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Information Foraging in a Social Media World

May 8, 2024

12:30 pm - 1:30 pm

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Berkman Klein Multipurpose Room (Room 515)

1557 Massachusetts Avenue
Cambridge, MA 02138

The Institute for Rebooting Social Media welcomes Carl T. Bergstrom for a talk exploring social media’s impact on the scale of human communication and our mechanisms for creating collective understanding.

We are a species of information foragers. Individually and collectively, we have evolved to scour our natural and social environments for useful information. Over the past twenty years, society has fashioned the web into an information pipeline to satisfy and profit from our evolved desires for novel information and social connection. What happens when the scale of human communication is radically transformed in the span of the generation, and our mechanisms for creating collective understanding are upended? What happens when this entire process is not stewarded to promote the spread of accurate information, strengthen democracy, and advance human well-being—but rather is engineered by machine learning algorithms to get people to click on advertisements? What happens when large language models such as ChatGPT enter this global conversation with massive volumes of customized text indistinguishable from that produced by humans?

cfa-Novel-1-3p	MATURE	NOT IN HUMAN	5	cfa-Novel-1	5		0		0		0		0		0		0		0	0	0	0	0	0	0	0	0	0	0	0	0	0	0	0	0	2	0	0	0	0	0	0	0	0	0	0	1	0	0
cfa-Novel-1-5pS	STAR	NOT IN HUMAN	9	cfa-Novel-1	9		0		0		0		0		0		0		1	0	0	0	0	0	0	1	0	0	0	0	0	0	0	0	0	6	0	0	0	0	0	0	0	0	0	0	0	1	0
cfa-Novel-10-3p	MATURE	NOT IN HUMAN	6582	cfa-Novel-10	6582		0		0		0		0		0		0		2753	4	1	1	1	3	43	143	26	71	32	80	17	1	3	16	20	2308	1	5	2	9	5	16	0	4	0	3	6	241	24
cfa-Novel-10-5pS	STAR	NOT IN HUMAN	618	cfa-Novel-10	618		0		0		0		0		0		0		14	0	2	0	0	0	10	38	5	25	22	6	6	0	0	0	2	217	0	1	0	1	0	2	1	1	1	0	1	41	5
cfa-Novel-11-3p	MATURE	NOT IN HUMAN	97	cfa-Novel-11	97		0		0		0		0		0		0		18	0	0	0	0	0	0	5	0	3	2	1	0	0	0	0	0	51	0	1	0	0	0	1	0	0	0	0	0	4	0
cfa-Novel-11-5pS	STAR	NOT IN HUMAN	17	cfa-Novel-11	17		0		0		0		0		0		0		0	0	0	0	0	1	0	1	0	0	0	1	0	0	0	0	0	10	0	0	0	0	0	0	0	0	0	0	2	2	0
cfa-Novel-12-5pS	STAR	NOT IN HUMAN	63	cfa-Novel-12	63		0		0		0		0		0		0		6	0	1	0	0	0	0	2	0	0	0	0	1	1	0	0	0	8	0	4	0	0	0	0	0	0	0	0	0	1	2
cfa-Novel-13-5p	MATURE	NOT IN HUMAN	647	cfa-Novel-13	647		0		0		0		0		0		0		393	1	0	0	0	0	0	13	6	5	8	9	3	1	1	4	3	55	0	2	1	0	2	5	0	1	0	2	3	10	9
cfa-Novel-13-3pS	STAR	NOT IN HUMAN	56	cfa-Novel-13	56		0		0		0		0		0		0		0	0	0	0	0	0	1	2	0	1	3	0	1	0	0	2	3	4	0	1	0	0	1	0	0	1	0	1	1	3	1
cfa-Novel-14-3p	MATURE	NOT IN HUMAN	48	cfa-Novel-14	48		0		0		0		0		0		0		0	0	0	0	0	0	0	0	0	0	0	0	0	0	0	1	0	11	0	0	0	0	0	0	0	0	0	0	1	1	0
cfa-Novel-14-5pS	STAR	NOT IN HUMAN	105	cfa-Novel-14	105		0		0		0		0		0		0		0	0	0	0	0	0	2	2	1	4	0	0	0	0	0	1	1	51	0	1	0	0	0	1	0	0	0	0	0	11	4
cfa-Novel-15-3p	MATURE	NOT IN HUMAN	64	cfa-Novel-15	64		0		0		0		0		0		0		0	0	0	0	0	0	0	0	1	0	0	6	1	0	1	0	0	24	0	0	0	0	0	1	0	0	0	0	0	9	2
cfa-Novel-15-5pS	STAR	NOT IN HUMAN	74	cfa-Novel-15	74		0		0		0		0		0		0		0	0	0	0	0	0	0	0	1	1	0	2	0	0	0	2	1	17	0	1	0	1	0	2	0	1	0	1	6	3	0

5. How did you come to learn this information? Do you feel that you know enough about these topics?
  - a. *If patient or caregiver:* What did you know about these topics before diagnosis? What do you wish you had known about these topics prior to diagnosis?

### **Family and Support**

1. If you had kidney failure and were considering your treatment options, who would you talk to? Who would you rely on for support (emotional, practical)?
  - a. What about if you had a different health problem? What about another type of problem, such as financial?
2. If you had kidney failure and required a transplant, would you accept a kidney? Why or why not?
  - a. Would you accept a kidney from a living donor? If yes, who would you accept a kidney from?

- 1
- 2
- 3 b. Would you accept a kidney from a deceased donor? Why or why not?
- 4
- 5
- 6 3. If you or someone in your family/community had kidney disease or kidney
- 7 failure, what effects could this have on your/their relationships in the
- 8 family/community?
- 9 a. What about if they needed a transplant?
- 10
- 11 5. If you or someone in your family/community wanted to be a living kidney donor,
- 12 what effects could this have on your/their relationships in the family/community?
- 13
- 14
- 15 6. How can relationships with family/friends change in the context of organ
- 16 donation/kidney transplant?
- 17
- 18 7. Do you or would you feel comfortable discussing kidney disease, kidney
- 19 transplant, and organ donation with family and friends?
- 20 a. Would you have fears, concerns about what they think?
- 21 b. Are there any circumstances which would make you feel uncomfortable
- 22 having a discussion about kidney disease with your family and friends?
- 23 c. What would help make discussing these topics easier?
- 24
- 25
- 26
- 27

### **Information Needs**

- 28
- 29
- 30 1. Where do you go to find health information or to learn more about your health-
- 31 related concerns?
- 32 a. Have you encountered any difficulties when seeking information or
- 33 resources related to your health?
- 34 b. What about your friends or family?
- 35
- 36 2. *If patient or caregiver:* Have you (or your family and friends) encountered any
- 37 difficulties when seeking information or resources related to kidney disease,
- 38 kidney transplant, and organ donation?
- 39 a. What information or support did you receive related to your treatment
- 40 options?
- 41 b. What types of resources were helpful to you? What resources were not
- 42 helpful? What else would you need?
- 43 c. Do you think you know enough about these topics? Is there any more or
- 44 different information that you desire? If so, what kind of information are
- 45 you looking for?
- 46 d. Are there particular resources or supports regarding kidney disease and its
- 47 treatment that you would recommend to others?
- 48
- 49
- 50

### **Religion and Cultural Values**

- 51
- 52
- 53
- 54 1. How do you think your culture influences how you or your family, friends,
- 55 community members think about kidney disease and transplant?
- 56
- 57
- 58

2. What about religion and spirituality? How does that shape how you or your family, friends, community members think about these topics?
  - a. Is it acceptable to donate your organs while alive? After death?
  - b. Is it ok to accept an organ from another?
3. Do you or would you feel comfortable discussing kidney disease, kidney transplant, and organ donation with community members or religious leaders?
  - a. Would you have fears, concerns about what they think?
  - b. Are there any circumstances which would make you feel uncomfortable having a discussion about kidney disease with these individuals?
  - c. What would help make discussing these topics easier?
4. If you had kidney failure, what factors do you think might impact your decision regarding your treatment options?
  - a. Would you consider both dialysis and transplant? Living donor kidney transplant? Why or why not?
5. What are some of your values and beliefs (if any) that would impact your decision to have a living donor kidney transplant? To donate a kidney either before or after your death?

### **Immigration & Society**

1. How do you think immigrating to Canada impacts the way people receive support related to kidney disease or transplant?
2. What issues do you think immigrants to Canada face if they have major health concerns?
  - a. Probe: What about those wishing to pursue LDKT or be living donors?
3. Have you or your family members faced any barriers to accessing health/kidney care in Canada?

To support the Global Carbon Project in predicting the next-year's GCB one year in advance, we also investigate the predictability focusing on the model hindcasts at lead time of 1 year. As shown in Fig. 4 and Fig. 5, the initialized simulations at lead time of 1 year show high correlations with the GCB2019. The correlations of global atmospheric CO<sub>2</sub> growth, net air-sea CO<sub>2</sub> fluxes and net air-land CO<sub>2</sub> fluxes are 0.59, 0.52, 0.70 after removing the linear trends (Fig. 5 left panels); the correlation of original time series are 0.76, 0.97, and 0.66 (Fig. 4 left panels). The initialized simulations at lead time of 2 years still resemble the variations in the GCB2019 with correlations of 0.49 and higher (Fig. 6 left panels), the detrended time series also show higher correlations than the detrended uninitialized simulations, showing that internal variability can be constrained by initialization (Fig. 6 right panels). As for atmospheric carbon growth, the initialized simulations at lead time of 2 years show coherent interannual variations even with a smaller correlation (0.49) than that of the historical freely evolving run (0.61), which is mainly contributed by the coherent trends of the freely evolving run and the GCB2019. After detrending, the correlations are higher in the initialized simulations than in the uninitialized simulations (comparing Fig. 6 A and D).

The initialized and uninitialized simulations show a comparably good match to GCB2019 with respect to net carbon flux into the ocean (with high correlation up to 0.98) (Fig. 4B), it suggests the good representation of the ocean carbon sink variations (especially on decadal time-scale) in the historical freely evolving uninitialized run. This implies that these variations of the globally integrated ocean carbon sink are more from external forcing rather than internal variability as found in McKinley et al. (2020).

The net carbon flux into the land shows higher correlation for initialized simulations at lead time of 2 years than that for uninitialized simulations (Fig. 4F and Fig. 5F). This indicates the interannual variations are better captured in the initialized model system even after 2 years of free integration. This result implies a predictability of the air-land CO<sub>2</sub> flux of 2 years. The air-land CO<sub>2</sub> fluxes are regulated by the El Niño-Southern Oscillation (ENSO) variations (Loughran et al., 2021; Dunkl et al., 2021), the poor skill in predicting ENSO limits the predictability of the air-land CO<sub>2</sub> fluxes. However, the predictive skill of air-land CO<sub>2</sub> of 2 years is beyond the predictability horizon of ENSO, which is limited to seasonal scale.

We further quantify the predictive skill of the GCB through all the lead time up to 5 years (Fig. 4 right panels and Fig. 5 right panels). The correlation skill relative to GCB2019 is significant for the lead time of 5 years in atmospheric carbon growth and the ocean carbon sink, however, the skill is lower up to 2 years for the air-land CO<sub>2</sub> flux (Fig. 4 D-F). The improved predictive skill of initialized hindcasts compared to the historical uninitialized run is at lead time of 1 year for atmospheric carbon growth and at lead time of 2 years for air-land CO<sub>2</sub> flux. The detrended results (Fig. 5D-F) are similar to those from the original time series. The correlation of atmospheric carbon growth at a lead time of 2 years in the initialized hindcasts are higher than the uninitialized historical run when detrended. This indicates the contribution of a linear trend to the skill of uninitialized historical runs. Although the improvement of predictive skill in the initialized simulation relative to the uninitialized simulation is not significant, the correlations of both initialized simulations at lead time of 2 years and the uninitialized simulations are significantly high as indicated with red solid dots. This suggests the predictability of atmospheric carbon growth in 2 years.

In this talk, Carl will look at what social media and information technology more generally are doing to society, consider how we ended up here, and explore some possible suggestions for what we can do about it.­­­

Carl T. Bergstrom is a Professor of Biology at the University of Washington. Though trained in evolutionary biology and mathematical population genetics, Carl is best known for working across disciplines and integrating ideas across the span of the natural and social sciences.  The unifying theme running throughout his work is the concept of information. Within biology, he studies how communication evolves and how the process of evolution encodes information in genomes. In the philosophy and sociology of science, he studies how norms and institutions influence scholars’ research strategies and, in turn, our scientific understanding of the world. Within informatics, he studies how citations and other traces of scholarly activity can be used to better navigate the overwhelming volume of scholarly literature. Most recently, Carl’s work has focused on the spread of disinformation on social networks and what we can do about it.

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May 8, 2024, 12:30 pm - 1:30 pm

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